Why Obama Lost

In the United States, the majority of economic indicators are moving in the right direction. This hasn’t happened for a long time. Europeans are jealous. Stock markets are happy. Prospects for the future are better still. So, why this defeat, this rout, of Barack Obama’s Democrats in the midterm elections of Nov. 4?

Where does this disconnect between an economic situation apparently favorable to the president’s party and calamitous political results come from? Of course, this question has multiple answers, but one of them interests Europe as much as the United States. Beyond American specificities, the paradox of the result of Nov. 4 stems from the common malaise affecting Western countries: the rise of inequality.

Let’s get to it. The American economy will see a growth of 1.7 percent this year, and 3 percent in 2015. The unemployment rate has fallen from 8.1 percent at the end of 2012 to 5.9 percent. “Over the past four and a half years, our businesses have created 10 million new jobs. That’s the longest uninterrupted stretch of private sector job creation in our history,” says Obama. Public finances are recovering, as is the balance of trade. An energetic future is assured — all promising indicators for a country that was on the edge of the abyss when Barack Obama entered the White House in January 2008.

The Explosion of Inequality

In former times, such a scorecard would have made for a winning electoral ticket, the opposite of what just befell the Democrats: They are now in the minority in both houses of Congress. But we are not living in ordinary times, even if we continue to scrutinize current events with lenses bought in the 1960s.

The American recovery, more than ever, is happening at two speeds. It is profiting few or not enough of the majority of Americans. Discouraged, many job seekers are no longer searching; they are no longer counted in unemployment statistics. Salaries are barely rising. Even if inflation is very weak — 1.2 percent — the recovery has changed nothing with regard to this fundamental fact of the American economy: the continued downturn in median income. The New York Times notes that in almost all the districts where a senator was up for re-election, average income has dropped since 2007.

Several days before the vote, Obama, often a better analyst than politician, observed: “Average Americans aren’t seeing their income go up. So, although their situation has gotten better, they are still worried, not only for their future, but also for the future of their children.”* According to a CBS poll the week of the vote, only 27 percent of Americans believe that the country is going in the right direction.

Certain economists, like former Secretary of the Treasury Lawrence Summers, think that the lack of progress in average income is weakening the recovery. Neither consumption nor investment have started growing sufficiently. Summers sees in this the risk of long-term stagnation, maintained by the structural weakness in demand. But the majority of economists do not question the central fact of the American economy — this halt in the rise of average income for over 40 years — nor its corollary, the explosion of inequality.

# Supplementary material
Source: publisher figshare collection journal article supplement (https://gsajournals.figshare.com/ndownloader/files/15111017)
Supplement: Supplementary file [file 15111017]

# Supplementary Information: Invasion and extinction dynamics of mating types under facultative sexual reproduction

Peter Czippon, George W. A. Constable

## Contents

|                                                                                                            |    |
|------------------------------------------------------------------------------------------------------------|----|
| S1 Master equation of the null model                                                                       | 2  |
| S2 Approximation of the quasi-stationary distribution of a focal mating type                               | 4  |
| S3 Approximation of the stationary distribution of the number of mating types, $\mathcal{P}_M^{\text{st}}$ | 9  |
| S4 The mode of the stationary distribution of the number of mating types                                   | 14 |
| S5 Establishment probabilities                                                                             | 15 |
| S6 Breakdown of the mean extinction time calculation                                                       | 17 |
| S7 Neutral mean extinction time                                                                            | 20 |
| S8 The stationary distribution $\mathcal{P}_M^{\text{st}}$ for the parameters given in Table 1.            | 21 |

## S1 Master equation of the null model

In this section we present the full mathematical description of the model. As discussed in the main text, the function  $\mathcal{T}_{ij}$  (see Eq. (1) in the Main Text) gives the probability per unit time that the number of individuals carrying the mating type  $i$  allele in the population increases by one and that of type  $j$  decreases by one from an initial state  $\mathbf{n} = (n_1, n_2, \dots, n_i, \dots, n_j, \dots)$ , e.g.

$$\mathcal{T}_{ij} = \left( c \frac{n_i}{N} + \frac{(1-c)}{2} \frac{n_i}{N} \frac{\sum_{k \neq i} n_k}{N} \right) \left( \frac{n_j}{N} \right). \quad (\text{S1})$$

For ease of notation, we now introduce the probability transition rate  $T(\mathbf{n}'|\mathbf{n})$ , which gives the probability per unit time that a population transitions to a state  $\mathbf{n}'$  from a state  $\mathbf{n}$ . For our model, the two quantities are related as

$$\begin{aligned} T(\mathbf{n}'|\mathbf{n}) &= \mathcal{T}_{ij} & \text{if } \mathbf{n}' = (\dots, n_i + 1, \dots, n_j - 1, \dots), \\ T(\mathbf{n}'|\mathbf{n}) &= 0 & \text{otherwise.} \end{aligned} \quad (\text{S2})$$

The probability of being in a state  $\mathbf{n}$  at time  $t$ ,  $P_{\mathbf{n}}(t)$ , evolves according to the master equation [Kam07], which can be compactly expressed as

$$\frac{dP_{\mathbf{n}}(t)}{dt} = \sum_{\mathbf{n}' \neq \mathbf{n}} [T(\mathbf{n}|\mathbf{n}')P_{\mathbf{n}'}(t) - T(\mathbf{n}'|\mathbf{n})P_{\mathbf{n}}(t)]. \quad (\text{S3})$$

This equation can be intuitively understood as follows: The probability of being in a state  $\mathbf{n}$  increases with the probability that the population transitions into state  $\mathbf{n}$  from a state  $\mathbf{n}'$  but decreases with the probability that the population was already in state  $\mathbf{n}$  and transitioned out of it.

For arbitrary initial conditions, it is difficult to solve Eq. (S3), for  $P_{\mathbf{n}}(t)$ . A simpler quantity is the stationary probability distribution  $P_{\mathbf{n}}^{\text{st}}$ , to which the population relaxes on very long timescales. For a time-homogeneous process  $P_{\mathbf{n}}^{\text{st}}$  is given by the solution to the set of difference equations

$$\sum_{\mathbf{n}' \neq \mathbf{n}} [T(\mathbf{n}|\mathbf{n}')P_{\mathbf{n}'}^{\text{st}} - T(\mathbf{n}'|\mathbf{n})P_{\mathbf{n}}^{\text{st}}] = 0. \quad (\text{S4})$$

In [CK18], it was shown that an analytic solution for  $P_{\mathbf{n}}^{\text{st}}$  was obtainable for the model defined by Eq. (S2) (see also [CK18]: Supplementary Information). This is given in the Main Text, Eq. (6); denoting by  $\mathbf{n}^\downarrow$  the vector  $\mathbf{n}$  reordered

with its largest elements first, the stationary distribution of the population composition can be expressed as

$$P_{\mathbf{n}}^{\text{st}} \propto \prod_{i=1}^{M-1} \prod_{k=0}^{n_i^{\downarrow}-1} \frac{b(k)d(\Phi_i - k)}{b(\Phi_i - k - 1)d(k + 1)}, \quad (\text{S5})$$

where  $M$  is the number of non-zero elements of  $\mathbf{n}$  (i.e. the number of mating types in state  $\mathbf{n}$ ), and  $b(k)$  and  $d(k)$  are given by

The Political Costs

Numbers abound that give the measure of this — Le Monde from Sept. 6 to Oct. 29 — but the most gripping scene was set on Oct. 17 in Boston by Janet Yellen, the president of the central bank of the United States, the Federal Reserve. In 1989, the richest 5 percent of Americans possessed 54 percent of the country’s wealth; in 2010, their portion rose to 61 percent; in 2013, it reached 63 percent. “I think it is appropriate to ask whether this trend is compatible with values rooted in our nation’s history, among them the high value Americans have traditionally placed on equality of opportunity,” says Yellen.

The middle class is losing ground. In 2014, the United States is as unequal as it was at the beginning of the 20th century. Economic globalization, technological revolution, a decrease in the portion of wages in the national income and an increase in the portion of capital, collateral effects from lax monetary policy: We can speculate on the causes of inequality. We can question the impact they have on growth, but we interrogate their political costs less. The diffuse anger of the middle classes here in the beginning of the 21st century in developed economies is being translated into politics. It takes the form of the tea party in the United States and protest groups in Europe, of a general calling into question of the elites, of defiance with regard to politics, of rising abstention from voting, and of a recurrent desire to “force out the incumbents.”

In an economic, technological and journalistic environment, as disruptive as today’s, voters are not going to continue to kindly divide up their votes between the center-right and the center-left. Political representation is also going to change. The Americans who went to the ballot box on Nov. 4 did not vote for a Republican program. There is no such program, beyond the systematic demolition of Obama. They primarily voted against the currently established power, incarnated by the president. Their bad mood will return against the Republicans as soon as they become the party in power.

Hypothesis: There is no doubt that a quick fix for the explosion of inequality is lacking; this is the greatest phenomenon of the age. It is true that no one has the honesty to admit being against it. And who has lived in suffering when in government — whether in Washington or Paris?

*Editor’s note: The original quotation, accurately translated, could not be verified.

About this publication

Be the first to comment

Leave a Reply